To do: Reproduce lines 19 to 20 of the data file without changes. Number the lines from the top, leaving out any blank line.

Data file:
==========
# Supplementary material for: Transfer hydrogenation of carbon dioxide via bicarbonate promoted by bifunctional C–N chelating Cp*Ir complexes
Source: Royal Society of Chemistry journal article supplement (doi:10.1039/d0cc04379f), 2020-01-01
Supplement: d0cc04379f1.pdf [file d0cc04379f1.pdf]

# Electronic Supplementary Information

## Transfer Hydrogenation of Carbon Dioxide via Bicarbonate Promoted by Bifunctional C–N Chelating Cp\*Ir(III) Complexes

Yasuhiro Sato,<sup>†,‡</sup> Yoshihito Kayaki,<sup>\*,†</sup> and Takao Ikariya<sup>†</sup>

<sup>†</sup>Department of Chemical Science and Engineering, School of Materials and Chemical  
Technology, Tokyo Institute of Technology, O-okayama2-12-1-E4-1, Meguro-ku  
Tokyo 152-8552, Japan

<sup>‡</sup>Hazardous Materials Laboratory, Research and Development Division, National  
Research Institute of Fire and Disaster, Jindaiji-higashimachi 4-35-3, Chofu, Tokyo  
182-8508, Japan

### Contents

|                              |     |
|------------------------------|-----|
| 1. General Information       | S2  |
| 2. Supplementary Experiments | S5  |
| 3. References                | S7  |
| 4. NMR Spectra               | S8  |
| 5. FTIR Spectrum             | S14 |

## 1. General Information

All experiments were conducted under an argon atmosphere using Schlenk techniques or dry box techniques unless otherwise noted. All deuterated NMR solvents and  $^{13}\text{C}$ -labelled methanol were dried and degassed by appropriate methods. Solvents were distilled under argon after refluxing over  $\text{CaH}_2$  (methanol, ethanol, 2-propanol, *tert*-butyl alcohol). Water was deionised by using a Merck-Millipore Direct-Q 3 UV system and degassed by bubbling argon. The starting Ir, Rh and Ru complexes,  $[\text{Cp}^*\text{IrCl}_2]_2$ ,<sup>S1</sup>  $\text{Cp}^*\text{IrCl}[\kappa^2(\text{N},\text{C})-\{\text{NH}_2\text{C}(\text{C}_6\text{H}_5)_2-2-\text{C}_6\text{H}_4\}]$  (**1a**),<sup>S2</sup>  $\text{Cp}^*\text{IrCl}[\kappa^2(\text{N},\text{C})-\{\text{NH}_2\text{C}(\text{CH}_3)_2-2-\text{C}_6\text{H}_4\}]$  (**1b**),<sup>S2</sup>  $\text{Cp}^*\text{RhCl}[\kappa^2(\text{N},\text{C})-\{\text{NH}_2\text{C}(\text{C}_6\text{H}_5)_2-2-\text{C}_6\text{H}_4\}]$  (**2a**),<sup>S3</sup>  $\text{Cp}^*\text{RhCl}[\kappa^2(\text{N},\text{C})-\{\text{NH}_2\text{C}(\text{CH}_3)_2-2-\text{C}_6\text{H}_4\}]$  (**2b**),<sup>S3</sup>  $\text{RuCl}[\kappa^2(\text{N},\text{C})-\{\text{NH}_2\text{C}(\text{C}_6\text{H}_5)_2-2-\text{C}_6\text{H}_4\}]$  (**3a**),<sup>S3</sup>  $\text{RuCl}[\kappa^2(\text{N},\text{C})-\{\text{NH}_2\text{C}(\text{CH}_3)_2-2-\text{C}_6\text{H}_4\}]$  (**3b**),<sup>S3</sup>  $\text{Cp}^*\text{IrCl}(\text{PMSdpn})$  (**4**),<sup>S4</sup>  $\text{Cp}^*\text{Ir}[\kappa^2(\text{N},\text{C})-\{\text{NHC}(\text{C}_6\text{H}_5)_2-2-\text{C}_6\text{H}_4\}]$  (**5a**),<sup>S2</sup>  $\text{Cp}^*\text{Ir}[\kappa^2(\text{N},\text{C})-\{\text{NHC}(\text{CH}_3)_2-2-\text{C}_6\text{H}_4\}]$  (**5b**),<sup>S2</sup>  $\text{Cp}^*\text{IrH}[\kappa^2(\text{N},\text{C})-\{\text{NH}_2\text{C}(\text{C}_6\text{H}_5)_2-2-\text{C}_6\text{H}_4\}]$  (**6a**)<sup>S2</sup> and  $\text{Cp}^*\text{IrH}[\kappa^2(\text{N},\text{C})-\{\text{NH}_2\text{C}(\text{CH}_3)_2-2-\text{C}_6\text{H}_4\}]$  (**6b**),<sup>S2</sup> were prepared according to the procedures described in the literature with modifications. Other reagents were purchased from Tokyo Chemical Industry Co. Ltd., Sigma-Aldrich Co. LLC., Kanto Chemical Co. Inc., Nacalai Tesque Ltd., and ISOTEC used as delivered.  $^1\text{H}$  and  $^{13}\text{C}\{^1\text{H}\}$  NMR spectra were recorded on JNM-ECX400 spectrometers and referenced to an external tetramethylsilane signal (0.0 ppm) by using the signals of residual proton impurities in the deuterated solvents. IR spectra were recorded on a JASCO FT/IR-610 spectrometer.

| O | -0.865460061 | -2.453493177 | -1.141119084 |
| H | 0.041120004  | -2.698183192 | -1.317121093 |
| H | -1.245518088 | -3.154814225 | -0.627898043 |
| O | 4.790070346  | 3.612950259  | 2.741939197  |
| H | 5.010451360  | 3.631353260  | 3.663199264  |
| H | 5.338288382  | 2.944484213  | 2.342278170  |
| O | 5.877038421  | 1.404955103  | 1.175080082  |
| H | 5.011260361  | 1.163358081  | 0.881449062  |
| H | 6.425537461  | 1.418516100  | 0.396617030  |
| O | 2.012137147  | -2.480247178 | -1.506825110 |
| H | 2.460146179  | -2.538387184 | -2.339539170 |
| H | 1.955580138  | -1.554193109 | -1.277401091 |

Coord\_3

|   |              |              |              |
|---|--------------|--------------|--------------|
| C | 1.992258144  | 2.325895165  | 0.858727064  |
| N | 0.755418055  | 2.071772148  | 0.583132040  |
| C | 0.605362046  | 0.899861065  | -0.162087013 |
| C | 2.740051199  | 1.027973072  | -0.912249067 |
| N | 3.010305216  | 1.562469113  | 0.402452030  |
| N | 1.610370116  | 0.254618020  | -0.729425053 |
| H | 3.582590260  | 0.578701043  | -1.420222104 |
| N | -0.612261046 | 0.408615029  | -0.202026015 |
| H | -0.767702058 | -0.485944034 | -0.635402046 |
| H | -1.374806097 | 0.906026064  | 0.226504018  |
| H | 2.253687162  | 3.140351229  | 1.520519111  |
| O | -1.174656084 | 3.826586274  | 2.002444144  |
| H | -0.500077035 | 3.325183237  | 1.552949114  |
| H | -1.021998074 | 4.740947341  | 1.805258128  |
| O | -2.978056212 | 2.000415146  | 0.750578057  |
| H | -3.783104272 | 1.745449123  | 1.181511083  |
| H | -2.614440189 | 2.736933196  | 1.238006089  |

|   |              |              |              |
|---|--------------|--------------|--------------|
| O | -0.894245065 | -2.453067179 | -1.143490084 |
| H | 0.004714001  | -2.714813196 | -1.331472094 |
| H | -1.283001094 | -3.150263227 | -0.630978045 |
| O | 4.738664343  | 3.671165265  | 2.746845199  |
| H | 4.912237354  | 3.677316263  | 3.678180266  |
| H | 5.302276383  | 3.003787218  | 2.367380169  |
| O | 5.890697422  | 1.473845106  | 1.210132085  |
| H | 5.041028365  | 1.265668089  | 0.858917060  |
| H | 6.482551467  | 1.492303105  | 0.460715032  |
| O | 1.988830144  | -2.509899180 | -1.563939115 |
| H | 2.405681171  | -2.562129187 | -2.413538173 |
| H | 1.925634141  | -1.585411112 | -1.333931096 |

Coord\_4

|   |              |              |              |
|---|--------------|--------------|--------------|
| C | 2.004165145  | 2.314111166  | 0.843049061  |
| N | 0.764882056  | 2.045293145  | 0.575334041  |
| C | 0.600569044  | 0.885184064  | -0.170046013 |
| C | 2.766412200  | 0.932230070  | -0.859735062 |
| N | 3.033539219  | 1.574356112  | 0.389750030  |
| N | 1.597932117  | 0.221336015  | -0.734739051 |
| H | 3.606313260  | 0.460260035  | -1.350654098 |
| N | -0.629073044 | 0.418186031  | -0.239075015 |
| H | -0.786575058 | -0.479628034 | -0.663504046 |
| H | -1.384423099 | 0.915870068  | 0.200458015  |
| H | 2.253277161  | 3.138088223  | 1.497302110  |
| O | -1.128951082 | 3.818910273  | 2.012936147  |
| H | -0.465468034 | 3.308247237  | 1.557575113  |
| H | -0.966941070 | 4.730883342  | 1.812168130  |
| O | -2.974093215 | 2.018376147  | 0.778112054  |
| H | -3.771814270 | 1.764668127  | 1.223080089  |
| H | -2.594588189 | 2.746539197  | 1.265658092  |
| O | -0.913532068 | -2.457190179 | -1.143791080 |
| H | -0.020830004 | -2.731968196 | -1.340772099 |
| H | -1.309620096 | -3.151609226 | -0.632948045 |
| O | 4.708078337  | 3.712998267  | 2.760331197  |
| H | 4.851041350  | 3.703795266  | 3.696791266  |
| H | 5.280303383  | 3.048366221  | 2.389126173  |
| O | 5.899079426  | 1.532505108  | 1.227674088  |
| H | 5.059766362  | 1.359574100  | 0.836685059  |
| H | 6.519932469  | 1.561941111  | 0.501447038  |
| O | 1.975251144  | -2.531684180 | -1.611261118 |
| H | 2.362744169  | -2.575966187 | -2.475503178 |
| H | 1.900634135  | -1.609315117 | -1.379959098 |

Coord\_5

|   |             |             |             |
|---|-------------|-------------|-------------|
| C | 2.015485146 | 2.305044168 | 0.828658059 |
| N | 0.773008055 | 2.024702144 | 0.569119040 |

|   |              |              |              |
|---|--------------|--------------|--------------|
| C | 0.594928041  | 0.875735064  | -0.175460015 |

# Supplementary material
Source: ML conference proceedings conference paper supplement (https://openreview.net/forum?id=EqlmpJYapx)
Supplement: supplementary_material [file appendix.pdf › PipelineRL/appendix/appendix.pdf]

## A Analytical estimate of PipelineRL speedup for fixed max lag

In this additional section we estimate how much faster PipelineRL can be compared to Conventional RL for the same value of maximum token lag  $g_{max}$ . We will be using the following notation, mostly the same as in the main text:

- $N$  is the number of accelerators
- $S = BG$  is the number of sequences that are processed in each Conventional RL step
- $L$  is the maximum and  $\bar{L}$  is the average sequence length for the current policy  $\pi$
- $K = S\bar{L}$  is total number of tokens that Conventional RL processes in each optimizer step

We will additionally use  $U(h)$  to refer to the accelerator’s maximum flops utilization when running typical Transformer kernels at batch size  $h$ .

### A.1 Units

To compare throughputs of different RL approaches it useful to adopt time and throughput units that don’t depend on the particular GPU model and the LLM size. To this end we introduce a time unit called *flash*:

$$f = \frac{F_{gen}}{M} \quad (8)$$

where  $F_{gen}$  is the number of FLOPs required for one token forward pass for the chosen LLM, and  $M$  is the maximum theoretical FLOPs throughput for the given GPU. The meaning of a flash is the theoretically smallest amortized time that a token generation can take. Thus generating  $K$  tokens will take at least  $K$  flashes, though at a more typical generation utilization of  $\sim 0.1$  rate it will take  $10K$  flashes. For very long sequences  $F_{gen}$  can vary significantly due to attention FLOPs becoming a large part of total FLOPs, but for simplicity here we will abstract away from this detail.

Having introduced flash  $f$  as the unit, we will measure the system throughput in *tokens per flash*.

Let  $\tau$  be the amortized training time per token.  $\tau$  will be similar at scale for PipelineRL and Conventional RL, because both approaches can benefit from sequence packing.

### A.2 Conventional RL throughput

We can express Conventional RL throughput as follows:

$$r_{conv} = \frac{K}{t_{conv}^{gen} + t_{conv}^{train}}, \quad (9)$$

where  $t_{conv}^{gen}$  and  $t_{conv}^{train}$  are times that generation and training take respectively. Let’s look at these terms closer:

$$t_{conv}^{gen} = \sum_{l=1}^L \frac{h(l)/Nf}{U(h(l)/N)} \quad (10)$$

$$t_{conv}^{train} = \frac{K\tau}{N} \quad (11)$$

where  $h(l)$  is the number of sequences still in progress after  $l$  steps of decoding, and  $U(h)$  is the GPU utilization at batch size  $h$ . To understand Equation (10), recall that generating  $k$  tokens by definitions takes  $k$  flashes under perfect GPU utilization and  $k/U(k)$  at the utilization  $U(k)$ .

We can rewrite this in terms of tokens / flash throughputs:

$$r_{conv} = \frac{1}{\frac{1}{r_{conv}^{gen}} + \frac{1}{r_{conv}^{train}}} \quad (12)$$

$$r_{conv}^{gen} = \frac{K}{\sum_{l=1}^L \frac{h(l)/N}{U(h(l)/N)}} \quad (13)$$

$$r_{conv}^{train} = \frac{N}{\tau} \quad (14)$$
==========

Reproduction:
| 4. NMR Spectra               | S8  |
| 5. FTIR Spectrum             | S14 |